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Appendix B Automated Assembly Fixture Drilling The Automated Assembly Fixture Drilling System was conceived as a way to automate drilling of such large contoured structures as wings that would otherwise have to be drilled manually. Like other types of automated assembly tasks it became feasible only when mini-computers became available that could operate in a shop floor environment. The system's task is to scan the piece to be drilled, storing the information in its computer memory, locate and check the bole coordinates, and then drill and countersink holes in a wing skin and understructure, or other large component, mounted In a fixture. The system consists of a CNC drill unit mounted on a vertical gantry capable of f ive-axis movement, a scanning camera to guide and check the work, and a modif fed f ixture to accommodate the automated drilling. Certain conditions related to the technical and market environment for this system need to be understood as background to the case of technology transfer. A discussion of these conditions follows. Technical Conditions 1. Grumman holds a basic patent in Automated Assembly Fixture Or illing because the only developmental work on the device was funded by internal R&D money. 2. Much of the drilling in aircraft manufacture (250, 000-400, 000 holes per average fighter, three times as many per average bomber) could be automated by other means, but existing methods were not adequate for drilling large contoured places that had to be mounted in fixtures. 3. The distinctive concept of the Grumman system was its use of a scanning technique to locate and correct the holes prior to drilling. The embodiment introduced other equipment features as issues--for example, the ruggedness and cost of the system as it was configured by GO unman . 4. The drilling task varies along several dimensions. The needed accuracy and measurement capability of the equipment depends on such f actors as wing conf figuration , structure, and whether holes are tb`rough sk in only or into substructure . The ruggedness of the equipment needed in terms of force delivered, durability, and reliability depends on the volume of shipsets assembled and the type of material (e.g. , aluminum or titanium versus composites) to be drilled. 27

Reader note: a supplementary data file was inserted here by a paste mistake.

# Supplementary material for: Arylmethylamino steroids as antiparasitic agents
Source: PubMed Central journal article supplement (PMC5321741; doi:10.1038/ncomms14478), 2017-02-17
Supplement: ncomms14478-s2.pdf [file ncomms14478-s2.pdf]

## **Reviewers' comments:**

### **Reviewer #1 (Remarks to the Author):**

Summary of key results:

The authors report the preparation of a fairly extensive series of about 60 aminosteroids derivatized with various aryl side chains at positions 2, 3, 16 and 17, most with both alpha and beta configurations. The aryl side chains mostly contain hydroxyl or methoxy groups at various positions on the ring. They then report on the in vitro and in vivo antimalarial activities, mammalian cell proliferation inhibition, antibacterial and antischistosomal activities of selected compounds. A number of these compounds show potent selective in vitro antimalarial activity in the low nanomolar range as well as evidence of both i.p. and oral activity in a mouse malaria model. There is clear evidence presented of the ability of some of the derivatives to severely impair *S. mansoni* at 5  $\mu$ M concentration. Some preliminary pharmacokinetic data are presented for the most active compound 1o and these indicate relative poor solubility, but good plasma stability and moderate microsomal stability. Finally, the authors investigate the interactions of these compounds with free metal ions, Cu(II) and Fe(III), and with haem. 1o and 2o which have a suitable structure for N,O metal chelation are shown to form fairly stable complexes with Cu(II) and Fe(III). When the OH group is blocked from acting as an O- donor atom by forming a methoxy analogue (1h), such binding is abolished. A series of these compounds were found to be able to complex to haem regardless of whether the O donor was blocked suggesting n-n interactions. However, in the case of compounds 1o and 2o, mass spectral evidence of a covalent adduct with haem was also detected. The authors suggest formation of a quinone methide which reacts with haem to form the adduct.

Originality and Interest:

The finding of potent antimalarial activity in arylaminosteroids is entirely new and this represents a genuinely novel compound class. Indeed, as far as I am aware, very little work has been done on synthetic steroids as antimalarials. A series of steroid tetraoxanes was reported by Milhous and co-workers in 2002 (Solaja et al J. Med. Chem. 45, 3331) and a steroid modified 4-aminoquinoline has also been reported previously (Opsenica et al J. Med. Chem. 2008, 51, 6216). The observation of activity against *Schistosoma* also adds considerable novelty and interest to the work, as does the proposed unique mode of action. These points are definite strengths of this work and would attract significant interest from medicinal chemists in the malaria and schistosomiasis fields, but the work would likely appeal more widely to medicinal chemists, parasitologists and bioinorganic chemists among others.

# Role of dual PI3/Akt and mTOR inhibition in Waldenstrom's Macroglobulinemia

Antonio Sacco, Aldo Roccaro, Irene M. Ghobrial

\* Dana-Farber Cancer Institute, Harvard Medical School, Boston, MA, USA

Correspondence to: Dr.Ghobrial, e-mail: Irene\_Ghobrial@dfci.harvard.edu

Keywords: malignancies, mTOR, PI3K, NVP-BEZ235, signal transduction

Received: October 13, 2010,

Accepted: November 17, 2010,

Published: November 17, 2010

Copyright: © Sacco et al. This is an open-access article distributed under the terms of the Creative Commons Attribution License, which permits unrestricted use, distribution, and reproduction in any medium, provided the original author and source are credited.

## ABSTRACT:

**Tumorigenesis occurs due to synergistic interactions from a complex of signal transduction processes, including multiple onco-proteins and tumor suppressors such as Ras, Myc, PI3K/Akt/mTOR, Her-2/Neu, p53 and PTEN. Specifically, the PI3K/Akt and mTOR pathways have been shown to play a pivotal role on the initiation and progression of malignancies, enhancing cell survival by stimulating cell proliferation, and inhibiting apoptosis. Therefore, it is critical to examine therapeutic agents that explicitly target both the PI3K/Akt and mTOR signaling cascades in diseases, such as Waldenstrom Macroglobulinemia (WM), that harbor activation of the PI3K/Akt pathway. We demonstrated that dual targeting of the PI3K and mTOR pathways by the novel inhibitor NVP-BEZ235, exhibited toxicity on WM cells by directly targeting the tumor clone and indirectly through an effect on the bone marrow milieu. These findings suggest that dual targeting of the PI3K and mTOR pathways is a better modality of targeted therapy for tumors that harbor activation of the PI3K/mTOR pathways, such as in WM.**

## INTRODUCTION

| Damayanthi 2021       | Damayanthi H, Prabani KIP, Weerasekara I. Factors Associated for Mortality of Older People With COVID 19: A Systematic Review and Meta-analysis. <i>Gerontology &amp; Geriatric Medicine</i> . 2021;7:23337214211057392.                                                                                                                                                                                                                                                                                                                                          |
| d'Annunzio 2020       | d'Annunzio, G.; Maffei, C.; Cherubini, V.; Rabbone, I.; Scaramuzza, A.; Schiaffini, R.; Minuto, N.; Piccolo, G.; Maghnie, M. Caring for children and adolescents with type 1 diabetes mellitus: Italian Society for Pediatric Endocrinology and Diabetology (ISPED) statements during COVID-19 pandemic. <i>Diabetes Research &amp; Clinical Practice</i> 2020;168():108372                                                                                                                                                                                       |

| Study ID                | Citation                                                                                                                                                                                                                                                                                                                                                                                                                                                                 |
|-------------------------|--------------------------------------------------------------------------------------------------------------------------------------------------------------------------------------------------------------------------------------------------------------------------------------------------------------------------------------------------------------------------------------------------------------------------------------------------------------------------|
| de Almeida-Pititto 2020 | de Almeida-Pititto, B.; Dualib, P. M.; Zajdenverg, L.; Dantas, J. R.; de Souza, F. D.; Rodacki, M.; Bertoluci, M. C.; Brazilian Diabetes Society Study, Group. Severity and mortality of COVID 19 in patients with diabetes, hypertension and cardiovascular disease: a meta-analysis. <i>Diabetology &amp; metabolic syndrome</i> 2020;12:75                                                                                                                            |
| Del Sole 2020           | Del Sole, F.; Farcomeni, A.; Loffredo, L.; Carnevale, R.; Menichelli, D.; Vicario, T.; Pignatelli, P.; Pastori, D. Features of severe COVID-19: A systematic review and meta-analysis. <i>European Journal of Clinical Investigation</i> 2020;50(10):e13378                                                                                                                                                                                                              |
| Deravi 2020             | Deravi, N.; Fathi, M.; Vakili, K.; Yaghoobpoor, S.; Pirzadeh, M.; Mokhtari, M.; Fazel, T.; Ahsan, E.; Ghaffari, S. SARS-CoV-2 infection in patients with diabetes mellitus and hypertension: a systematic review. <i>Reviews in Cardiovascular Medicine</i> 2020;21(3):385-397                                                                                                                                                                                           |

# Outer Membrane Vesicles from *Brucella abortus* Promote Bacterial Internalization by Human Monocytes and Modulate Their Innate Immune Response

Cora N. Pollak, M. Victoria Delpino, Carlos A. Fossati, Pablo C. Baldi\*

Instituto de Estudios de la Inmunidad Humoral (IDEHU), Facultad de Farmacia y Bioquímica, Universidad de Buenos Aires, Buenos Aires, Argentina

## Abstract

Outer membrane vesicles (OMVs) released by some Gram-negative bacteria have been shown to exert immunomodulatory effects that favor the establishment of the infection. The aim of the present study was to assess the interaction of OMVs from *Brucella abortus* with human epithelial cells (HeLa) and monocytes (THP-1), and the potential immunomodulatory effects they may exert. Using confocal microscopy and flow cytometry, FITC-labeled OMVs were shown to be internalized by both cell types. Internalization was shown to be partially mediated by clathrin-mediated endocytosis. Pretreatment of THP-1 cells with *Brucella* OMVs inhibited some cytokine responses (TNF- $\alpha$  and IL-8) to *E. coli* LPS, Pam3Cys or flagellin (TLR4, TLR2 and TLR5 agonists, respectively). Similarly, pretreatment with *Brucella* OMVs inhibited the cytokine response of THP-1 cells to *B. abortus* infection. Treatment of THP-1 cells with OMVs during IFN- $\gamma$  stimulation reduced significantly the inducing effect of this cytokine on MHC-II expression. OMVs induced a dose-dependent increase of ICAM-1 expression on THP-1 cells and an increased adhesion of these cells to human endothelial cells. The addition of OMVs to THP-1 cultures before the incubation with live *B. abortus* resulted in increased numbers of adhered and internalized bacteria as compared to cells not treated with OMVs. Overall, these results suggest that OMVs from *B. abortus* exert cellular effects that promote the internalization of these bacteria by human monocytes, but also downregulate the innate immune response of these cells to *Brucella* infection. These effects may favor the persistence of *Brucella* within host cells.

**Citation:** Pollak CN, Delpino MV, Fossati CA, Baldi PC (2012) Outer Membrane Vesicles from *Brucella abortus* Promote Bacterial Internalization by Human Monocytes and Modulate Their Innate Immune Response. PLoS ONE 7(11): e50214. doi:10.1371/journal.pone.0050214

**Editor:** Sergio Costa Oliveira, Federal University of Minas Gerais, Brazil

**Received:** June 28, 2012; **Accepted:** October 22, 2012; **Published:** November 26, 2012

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5. The main drivers for automating the drilling task have beer increasingly tighter tolerances, the expense of templates, and the time and cost involved in manual wor k when pilot drilling and back drilling are required. Another driver is the need for consistency to reduce the danger of major scrappage. A human driller becomes progressively less accurate during an eight-hour shift. 6. Other automated alternatives to Grumman's device bave been explored in the industry. One has been the location of holes using a laser beam, locater, or some other form of sensor that can look through the wing skin at its substructure. Another alternative is a robotic driller (see below in General Dynamics). Market Conditions 1. Aircraft manufacturers beve a variety of cooperative manufacturing arrangements. Contractors act as prime contractors for some programs and subcontractors for others. Major structural parts are often subcontracted to other firms. In this case, Grumman was to have the subcontract, under Rockwell ' s pr ime contract, for the B-1 Bomber horizontal stabili zer . 2. A number of traditional divisions have existed in the industry that tend to affect relationships among contractors. One is the traditional identif ication with a particular branch of military service. General Dynamics has historically worked primarily for the Air Force whereas Grumman teas historically worked more for the Navy. These historical relationships do not prevent companies from designing planes for either service, but the differences in the ways the two services have dealt with their contractors and the somewhat different design traditions have some effect on company development and manufacturing philosophies. 3. Shortages of skilled labor and large f fluctuations in company workforces between major programs have been driving factors towards automation of airframe assembly, particularly during the 1970s. General Dynamics' Fort Worth division, for instance, has fluctuated between 35,000 workers at the height of the F-lll program and 6,000 workers before the F-16 program began to build up production. 4. Because of the nature of Air Force contracting procedures, major new capital equipment is rarely purchased by an airframe manufacturer outside the time when the company is tooling up for a major new program. Most companies monitor developments in tooling routinely, but the cost of shifting equipment in the middle of a program is generally prohibitive. In 1969 and 1970, the Air Force Materials Laboratory began to call for proposals for new ways to automate assembly. The Sagamore and French Lick Conferences both emphasized the Air Force's interest in 28